Billy and the Circus Girl


by Terry Bisson



Story Copyright (C) 2006, Terry Bisson.
Images Copyright (C) 2006, Rudy Rucker.
1,100 Words.


Billy had a little dick. When he rubbed it, it got bigger.

That seemed to defy the laws of physics as Billy understood them.   So he decided to show it to his science teacher, Mr. Smart.

“Look here,” said Billy.




“Why were you sent to the office?” asked Mrs. Sutton, the Principal. “Mr. Smart wouldn’t tell me.”

“I showed him this,” said Billy. “I don’t understand why it gets bigger when I rub it.”



“Home from school already?” asked Billy’s mother.

“They let me out early,” said Billy. “They said I took the prize.”

“That’s nice,” said Billy’s mother. “What prize?”

“I guess it’s for my trick dick,” said Billy. “It gets bigger when I rub it.”

“Billy!” said Billy’s mother.

“It’s like magic,” said Billy. “Watch this.”

“Go to your room,” said Billy’s mother. She started to cry.




Billy hated his room. It was full of dumb shit. There was nothing to do so he rubbed his dick.

It got bigger and bigger.

It was like magic. Billy liked magic.

So he rubbed it some more. It got as big as a wiener.




“Where’s Billy? asked Billy’s father. He was home from jail.

“He’s in his room,” said Billy’s mother. “Rubbing his dick.”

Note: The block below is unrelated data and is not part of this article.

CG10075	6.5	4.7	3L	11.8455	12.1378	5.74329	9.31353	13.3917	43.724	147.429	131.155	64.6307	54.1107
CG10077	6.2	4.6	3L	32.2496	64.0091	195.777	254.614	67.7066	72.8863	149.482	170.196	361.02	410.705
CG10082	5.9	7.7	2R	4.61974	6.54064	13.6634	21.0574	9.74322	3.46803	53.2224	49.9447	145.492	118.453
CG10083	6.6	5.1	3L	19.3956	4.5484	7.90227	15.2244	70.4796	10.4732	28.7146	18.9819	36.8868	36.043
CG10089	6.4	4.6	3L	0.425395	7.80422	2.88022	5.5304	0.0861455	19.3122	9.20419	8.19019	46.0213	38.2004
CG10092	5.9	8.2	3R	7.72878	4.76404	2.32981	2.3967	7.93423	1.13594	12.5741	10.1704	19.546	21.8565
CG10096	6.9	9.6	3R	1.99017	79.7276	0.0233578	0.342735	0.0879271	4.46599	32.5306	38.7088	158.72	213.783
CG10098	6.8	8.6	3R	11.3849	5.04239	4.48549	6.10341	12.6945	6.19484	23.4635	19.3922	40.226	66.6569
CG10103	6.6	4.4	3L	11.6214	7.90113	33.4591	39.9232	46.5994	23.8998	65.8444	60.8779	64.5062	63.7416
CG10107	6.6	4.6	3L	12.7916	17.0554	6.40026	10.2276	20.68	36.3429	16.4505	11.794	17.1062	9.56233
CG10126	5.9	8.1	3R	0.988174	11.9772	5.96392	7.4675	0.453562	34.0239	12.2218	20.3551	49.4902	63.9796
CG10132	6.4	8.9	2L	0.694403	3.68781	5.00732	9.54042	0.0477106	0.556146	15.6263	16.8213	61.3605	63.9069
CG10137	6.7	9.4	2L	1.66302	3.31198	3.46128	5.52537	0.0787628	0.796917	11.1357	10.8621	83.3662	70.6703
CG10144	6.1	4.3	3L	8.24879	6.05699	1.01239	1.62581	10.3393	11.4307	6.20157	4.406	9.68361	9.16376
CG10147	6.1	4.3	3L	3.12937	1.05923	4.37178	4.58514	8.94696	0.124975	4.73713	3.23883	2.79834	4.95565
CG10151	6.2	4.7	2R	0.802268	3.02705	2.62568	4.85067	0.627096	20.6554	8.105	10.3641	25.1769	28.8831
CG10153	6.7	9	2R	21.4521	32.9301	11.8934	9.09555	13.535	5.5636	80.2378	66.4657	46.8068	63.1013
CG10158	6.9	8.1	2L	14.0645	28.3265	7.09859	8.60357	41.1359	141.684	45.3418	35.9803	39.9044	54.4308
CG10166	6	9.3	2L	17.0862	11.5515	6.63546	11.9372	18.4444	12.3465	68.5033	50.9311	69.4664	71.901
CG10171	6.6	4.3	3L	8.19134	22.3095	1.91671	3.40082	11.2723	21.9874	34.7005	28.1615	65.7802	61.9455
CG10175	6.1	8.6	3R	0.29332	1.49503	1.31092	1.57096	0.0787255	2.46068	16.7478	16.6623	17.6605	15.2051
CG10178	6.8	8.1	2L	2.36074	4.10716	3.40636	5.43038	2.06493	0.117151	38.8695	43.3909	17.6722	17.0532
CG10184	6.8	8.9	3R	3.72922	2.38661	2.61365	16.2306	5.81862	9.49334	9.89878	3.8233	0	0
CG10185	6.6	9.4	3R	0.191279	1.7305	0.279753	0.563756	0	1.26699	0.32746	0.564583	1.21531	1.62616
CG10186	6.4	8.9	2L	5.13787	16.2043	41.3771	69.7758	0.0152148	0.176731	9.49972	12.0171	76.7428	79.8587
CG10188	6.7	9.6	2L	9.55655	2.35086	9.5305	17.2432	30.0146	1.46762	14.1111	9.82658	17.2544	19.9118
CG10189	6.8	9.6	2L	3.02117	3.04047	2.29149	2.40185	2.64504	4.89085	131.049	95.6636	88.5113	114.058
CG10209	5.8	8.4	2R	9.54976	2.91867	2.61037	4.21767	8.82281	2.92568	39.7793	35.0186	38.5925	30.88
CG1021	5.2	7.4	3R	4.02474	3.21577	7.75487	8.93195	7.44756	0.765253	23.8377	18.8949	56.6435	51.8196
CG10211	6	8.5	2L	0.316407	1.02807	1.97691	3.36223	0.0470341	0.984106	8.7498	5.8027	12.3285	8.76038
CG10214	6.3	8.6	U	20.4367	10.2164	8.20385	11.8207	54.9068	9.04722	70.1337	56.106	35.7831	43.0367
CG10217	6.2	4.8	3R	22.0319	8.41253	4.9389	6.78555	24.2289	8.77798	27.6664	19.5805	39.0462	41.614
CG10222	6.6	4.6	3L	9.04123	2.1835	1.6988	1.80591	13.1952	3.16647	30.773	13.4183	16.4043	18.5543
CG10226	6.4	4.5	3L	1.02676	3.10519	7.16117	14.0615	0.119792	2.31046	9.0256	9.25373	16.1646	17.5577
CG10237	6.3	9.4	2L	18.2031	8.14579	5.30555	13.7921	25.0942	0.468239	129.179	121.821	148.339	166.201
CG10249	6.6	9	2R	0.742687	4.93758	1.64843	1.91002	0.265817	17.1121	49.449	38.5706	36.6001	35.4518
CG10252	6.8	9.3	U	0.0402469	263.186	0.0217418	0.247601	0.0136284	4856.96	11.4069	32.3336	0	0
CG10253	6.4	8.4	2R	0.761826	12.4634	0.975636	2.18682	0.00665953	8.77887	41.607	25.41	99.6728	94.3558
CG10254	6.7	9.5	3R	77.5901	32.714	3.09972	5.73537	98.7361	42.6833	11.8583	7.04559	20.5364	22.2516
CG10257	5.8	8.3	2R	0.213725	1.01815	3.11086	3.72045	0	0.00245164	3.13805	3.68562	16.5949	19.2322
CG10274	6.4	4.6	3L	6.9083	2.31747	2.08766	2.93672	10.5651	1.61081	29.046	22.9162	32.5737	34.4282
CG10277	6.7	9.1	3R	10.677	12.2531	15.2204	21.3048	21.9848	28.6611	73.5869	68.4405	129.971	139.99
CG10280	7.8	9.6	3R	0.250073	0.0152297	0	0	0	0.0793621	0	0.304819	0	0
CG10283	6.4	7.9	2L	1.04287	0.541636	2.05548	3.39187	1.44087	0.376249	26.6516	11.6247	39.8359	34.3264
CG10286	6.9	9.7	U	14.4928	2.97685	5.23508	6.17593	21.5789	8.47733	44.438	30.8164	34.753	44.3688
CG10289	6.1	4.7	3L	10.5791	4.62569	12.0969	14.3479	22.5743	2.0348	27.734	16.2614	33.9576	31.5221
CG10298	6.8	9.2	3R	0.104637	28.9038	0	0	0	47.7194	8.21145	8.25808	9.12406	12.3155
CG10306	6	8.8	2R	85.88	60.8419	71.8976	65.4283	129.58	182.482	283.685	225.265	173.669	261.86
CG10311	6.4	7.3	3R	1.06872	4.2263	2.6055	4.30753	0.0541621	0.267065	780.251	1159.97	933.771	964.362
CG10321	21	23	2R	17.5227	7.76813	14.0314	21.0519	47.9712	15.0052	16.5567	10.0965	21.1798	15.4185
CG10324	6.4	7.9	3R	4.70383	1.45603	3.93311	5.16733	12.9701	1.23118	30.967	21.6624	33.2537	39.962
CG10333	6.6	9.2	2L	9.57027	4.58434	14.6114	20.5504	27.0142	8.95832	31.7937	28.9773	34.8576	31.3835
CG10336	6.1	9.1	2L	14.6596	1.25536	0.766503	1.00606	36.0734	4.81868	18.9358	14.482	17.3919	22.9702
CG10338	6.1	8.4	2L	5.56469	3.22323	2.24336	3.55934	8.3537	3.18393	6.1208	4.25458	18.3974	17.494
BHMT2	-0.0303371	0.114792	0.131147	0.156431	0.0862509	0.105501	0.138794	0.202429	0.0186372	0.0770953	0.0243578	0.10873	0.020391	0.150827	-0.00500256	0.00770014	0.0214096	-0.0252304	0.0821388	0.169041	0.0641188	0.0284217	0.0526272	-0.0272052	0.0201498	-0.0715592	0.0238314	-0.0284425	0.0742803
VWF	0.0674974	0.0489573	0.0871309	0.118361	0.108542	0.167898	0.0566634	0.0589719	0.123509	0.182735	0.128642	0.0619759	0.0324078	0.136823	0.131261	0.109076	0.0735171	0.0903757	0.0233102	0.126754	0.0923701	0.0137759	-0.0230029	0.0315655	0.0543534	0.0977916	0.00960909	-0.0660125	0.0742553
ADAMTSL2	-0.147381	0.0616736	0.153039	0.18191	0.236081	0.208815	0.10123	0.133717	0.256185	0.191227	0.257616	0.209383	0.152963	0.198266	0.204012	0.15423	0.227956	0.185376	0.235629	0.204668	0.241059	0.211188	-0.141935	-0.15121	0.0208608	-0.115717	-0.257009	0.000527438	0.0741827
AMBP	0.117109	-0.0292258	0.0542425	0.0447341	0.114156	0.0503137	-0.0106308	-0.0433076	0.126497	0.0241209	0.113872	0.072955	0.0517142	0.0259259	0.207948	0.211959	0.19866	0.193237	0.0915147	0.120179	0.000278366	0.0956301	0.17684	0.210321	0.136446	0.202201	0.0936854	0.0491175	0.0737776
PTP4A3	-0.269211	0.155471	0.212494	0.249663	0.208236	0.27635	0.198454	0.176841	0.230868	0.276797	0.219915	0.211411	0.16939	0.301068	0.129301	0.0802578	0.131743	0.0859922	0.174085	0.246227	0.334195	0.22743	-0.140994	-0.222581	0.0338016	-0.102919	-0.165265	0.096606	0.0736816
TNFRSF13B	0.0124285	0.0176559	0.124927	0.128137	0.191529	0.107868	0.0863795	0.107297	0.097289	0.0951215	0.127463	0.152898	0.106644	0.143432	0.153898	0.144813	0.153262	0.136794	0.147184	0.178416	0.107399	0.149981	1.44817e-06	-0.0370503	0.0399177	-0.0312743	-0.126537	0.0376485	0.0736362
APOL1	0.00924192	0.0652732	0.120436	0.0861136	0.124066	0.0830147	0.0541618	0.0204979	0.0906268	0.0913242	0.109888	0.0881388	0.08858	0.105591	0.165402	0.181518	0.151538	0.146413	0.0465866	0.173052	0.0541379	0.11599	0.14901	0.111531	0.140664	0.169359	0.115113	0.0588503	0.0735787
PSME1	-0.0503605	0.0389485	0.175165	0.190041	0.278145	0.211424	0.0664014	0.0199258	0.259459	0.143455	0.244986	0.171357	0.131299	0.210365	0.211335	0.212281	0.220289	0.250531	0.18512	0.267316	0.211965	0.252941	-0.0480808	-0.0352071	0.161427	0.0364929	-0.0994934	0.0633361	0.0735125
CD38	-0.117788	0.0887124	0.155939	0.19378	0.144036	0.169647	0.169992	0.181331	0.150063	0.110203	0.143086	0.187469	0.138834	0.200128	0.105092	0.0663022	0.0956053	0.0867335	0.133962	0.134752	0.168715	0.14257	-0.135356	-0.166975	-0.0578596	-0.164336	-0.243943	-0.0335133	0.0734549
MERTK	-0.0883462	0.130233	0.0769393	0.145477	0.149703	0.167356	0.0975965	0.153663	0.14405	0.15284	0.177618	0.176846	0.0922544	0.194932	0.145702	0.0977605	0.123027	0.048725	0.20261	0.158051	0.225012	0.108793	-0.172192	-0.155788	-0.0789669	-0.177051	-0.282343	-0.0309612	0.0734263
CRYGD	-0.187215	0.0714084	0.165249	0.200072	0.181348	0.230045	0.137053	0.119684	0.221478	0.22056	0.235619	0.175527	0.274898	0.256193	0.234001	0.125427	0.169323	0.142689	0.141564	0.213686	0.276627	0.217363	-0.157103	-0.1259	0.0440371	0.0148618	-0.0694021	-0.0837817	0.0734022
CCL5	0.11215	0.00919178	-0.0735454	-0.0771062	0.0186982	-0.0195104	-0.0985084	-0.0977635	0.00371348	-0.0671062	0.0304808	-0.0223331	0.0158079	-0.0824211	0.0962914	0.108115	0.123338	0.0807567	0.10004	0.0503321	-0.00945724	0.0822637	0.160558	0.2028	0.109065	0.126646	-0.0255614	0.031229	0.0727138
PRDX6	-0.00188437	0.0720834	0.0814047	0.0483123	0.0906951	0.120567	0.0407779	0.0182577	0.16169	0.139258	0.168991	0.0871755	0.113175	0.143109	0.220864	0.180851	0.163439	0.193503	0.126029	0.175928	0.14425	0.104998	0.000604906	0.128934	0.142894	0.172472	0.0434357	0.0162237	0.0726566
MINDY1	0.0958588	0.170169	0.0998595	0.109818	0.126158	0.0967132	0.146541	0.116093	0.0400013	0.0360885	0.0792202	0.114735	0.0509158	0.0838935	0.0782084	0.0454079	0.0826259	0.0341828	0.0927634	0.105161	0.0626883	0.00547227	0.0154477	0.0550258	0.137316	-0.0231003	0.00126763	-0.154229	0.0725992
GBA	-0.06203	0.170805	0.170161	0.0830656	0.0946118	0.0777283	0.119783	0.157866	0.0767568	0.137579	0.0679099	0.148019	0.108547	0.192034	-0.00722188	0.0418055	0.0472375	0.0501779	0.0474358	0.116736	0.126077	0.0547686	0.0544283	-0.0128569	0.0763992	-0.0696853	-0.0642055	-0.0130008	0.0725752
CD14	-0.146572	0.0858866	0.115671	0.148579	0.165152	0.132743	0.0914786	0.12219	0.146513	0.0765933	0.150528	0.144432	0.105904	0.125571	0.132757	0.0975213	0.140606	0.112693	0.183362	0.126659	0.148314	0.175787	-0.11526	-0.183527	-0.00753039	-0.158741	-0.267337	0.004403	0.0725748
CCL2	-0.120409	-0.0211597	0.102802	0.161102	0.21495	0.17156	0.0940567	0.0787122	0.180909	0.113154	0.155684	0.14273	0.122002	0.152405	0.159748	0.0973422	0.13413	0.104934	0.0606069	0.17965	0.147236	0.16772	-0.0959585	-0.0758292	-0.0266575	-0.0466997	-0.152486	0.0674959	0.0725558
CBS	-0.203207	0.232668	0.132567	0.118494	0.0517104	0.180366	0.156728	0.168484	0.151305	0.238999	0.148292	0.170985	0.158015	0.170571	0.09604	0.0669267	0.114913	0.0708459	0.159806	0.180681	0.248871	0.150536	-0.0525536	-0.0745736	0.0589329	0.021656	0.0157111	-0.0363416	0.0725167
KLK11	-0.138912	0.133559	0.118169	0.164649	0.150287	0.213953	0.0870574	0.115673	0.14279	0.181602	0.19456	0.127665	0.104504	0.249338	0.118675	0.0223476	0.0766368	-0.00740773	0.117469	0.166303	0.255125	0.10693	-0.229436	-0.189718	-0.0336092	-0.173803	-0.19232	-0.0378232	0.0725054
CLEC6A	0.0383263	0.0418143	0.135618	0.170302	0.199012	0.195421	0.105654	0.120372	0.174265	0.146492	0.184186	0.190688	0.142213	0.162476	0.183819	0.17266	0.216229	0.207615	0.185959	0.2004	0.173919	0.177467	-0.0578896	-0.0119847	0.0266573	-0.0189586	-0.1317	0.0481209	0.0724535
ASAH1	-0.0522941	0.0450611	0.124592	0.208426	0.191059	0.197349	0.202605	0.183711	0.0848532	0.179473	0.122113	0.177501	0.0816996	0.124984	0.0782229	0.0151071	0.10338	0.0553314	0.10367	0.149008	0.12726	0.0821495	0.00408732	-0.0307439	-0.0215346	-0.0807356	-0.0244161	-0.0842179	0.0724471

“That Billy!” said Billy’s father.




“Who’s there?” asked Billy.

“Your father,” said Billy’s father.

“Come in,” said Billy.

“Wow,” said Billy’s father. Billy’s dick was as big as a Polish hot dog. Billy’s father had eaten one once at a street fair. Billy had had one too.

“How did it get so big?” asked Billy’s father. Billy could tell his father was proud.

“Rubbing it like this,” said Billy. “It’s like magic.”

“We’d better shut the door,” said Billy’s father.



Soon Billy’s dick was as big as a bottle. Billy was tired of rubbing it. It was getting sore. Plus, he wanted to watch TV.

“You can’t watch TV like that,” said Billy’s father.

“How can I make it little again?” Billy asked. “It won’t fit in my pants any more.”

“That’s easy,’ said Billy’s father. “Just keep rubbing it.”

That didn’t make any sense to Billy. But he did it anyway. He knew better than to contradict his father.